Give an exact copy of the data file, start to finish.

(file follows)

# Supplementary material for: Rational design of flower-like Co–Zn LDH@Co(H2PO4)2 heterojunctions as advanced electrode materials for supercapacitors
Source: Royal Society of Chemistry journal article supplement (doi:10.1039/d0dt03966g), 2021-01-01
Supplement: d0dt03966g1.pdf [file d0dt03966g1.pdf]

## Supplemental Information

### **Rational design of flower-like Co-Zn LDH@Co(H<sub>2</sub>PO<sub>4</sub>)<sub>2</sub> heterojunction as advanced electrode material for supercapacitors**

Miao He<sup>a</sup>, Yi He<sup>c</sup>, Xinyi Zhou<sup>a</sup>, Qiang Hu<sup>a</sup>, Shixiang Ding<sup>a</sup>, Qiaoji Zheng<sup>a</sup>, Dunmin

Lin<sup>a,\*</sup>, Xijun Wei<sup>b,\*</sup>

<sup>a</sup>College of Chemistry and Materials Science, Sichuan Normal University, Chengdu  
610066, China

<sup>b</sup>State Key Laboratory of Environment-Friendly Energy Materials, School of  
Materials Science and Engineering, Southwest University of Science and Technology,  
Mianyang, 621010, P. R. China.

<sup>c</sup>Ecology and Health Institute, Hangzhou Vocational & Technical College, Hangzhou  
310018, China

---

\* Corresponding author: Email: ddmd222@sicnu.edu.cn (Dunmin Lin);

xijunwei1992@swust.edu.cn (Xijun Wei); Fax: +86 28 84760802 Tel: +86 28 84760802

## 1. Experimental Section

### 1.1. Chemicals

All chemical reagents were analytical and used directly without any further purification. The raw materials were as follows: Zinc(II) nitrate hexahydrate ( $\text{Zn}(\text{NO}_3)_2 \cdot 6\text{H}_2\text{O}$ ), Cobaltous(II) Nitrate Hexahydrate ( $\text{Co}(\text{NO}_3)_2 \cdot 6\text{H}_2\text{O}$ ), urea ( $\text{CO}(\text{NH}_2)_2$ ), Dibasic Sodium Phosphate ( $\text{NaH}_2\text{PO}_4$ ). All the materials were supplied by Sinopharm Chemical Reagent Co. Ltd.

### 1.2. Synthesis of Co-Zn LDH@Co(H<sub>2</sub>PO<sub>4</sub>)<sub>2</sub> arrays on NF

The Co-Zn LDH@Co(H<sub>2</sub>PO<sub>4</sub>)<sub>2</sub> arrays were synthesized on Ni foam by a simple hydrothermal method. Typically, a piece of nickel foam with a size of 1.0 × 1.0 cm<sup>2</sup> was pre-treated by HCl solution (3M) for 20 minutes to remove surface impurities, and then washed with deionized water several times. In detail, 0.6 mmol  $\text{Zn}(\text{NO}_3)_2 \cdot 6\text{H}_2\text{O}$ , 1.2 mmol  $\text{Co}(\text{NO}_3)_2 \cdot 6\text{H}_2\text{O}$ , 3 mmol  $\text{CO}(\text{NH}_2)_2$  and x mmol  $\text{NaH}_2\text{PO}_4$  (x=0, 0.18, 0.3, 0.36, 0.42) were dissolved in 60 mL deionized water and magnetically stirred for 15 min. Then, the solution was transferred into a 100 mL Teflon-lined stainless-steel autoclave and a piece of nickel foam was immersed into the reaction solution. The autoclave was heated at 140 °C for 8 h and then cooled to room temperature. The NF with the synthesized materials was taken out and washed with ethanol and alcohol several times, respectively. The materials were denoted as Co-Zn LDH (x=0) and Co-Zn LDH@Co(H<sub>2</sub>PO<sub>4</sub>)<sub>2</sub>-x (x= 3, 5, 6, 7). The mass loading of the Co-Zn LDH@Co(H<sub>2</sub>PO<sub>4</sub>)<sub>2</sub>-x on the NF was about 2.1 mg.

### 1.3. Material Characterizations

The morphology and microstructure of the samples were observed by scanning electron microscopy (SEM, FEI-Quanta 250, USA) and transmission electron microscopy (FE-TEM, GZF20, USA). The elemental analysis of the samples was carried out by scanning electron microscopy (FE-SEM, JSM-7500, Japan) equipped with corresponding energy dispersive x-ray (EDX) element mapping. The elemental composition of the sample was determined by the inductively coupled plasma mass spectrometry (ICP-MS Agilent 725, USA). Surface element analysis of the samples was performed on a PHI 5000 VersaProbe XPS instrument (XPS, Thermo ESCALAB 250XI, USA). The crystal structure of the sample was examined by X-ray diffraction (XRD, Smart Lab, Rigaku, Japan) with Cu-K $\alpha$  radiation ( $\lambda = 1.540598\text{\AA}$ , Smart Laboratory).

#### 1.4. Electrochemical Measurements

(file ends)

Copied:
# Supplementary material for: Rational design of flower-like Co–Zn LDH@Co(H2PO4)2 heterojunctions as advanced electrode materials for supercapacitors
Source: Royal Society of Chemistry journal article supplement (doi:10.1039/d0dt03966g), 2021-01-01
Supplement: d0dt03966g1.pdf [file d0dt03966g1.pdf]

## Supplemental Information

### **Rational design of flower-like Co-Zn LDH@Co(H<sub>2</sub>PO<sub>4</sub>)<sub>2</sub> heterojunction as advanced electrode material for supercapacitors**

Miao He<sup>a</sup>, Yi He<sup>c</sup>, Xinyi Zhou<sup>a</sup>, Qiang Hu<sup>a</sup>, Shixiang Ding<sup>a</sup>, Qiaoji Zheng<sup>a</sup>, Dunmin

Lin<sup>a,\*</sup>, Xijun Wei<sup>b,\*</sup>

<sup>a</sup>College of Chemistry and Materials Science, Sichuan Normal University, Chengdu  
610066, China

<sup>b</sup>State Key Laboratory of Environment-Friendly Energy Materials, School of  
Materials Science and Engineering, Southwest University of Science and Technology,  
Mianyang, 621010, P. R. China.

<sup>c</sup>Ecology and Health Institute, Hangzhou Vocational & Technical College, Hangzhou  
310018, China

---

\* Corresponding author: Email: ddmd222@sicnu.edu.cn (Dunmin Lin);

xijunwei1992@swust.edu.cn (Xijun Wei); Fax: +86 28 84760802 Tel: +86 28 84760802

## 1. Experimental Section

### 1.1. Chemicals

All chemical reagents were analytical and used directly without any further purification. The raw materials were as follows: Zinc(II) nitrate hexahydrate ( $\text{Zn}(\text{NO}_3)_2 \cdot 6\text{H}_2\text{O}$ ), Cobaltous(II) Nitrate Hexahydrate ( $\text{Co}(\text{NO}_3)_2 \cdot 6\text{H}_2\text{O}$ ), urea ( $\text{CO}(\text{NH}_2)_2$ ), Dibasic Sodium Phosphate ( $\text{NaH}_2\text{PO}_4$ ). All the materials were supplied by Sinopharm Chemical Reagent Co. Ltd.

### 1.2. Synthesis of Co-Zn LDH@Co(H<sub>2</sub>PO<sub>4</sub>)<sub>2</sub> arrays on NF

The Co-Zn LDH@Co(H<sub>2</sub>PO<sub>4</sub>)<sub>2</sub> arrays were synthesized on Ni foam by a simple hydrothermal method. Typically, a piece of nickel foam with a size of 1.0 × 1.0 cm<sup>2</sup> was pre-treated by HCl solution (3M) for 20 minutes to remove surface impurities, and then washed with deionized water several times. In detail, 0.6 mmol  $\text{Zn}(\text{NO}_3)_2 \cdot 6\text{H}_2\text{O}$ , 1.2 mmol  $\text{Co}(\text{NO}_3)_2 \cdot 6\text{H}_2\text{O}$ , 3 mmol  $\text{CO}(\text{NH}_2)_2$  and x mmol  $\text{NaH}_2\text{PO}_4$  (x=0, 0.18, 0.3, 0.36, 0.42) were dissolved in 60 mL deionized water and magnetically stirred for 15 min. Then, the solution was transferred into a 100 mL Teflon-lined stainless-steel autoclave and a piece of nickel foam was immersed into the reaction solution. The autoclave was heated at 140 °C for 8 h and then cooled to room temperature. The NF with the synthesized materials was taken out and washed with ethanol and alcohol several times, respectively. The materials were denoted as Co-Zn LDH (x=0) and Co-Zn LDH@Co(H<sub>2</sub>PO<sub>4</sub>)<sub>2</sub>-x (x= 3, 5, 6, 7). The mass loading of the Co-Zn LDH@Co(H<sub>2</sub>PO<sub>4</sub>)<sub>2</sub>-x on the NF was about 2.1 mg.

### 1.3. Material Characterizations

The morphology and microstructure of the samples were observed by scanning electron microscopy (SEM, FEI-Quanta 250, USA) and transmission electron microscopy (FE-TEM, GZF20, USA). The elemental analysis of the samples was carried out by scanning electron microscopy (FE-SEM, JSM-7500, Japan) equipped with corresponding energy dispersive x-ray (EDX) element mapping. The elemental composition of the sample was determined by the inductively coupled plasma mass spectrometry (ICP-MS Agilent 725, USA). Surface element analysis of the samples was performed on a PHI 5000 VersaProbe XPS instrument (XPS, Thermo ESCALAB 250XI, USA). The crystal structure of the sample was examined by X-ray diffraction (XRD, Smart Lab, Rigaku, Japan) with Cu-K $\alpha$  radiation ( $\lambda = 1.540598\text{\AA}$ , Smart Laboratory).

#### 1.4. Electrochemical Measurements